Later Petra would become the capital of their kingdom at the center of their trade routes that stretched from India to Gaza on the Mediterranean shore.  The Wilderness of Zin was the trade route’s main thoroughfare. The ancient city of Avdat perches on Nahal Zin and is the most impressive of all the Nabatean cities outside of Petra. You can spend hours here exploring the ruins from various time periods. The most impressive are the Byzantine bathhouse, Roman villa with a view of a reconstructed Nabatean farm blooming in the desert, burial caves, towers complex,  fortress and a couple of incredibly preserved churches.

Photo: Joe YudinOn the way back to Tel Aviv on Route 222, the perfect stop to complete the day is a visit to the Wall & Tower settlement of Revivim. The kibbutz gets its name from Psalm 65, “Thou waterest the ridges…softening it with showers (revivim).” The first Jewish pioneers arrived in the summer of 1943 and took shelter in a Byzantine cave which originally served as a water cistern.  By 1945 the pioneers were using the ancient Nabatean system of damming the wadis and channeling the flood waters from the flash floods into man made reservoirs. This water was used to farm over 7000 acres of desert land. Today, the largest olive orchard in the Middle East is indeed here on Kibbutz Revivim.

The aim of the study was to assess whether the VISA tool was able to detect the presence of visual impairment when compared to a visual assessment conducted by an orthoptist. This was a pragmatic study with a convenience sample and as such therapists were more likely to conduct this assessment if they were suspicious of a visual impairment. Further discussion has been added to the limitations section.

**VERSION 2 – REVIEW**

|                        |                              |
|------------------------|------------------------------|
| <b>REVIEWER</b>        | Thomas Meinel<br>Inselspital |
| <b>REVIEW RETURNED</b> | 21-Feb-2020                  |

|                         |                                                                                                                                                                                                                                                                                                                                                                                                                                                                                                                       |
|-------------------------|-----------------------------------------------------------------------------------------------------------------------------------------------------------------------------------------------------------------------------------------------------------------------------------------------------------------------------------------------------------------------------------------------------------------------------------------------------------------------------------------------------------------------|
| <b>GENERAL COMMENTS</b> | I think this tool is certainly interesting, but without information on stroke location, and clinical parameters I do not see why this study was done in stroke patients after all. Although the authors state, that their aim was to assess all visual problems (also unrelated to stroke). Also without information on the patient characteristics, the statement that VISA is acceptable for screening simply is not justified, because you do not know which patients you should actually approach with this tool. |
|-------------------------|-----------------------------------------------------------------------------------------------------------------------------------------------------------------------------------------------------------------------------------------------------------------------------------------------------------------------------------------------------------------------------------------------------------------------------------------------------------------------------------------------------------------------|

In 1947 a United Nations commission visited the kibbutz and was so impressed with the beautiful flowers that had taken root all over the settlements grounds that most of the Negev was included within the Jewish state’s boundaries of the November 1947 UN Partition Plan. Indeed from atop the watchtower one can see the vision of the Hebrew prophets as carried out by David Ben Gurion and Israel’s pioneer movement has in fact come to fruition.  What a sight!

Joe Yudin became a licensed tour guide in 1999. He completed his Master’s degree at the University of Haifa in the Land of Israel Studies and is currently studying toward a PhD.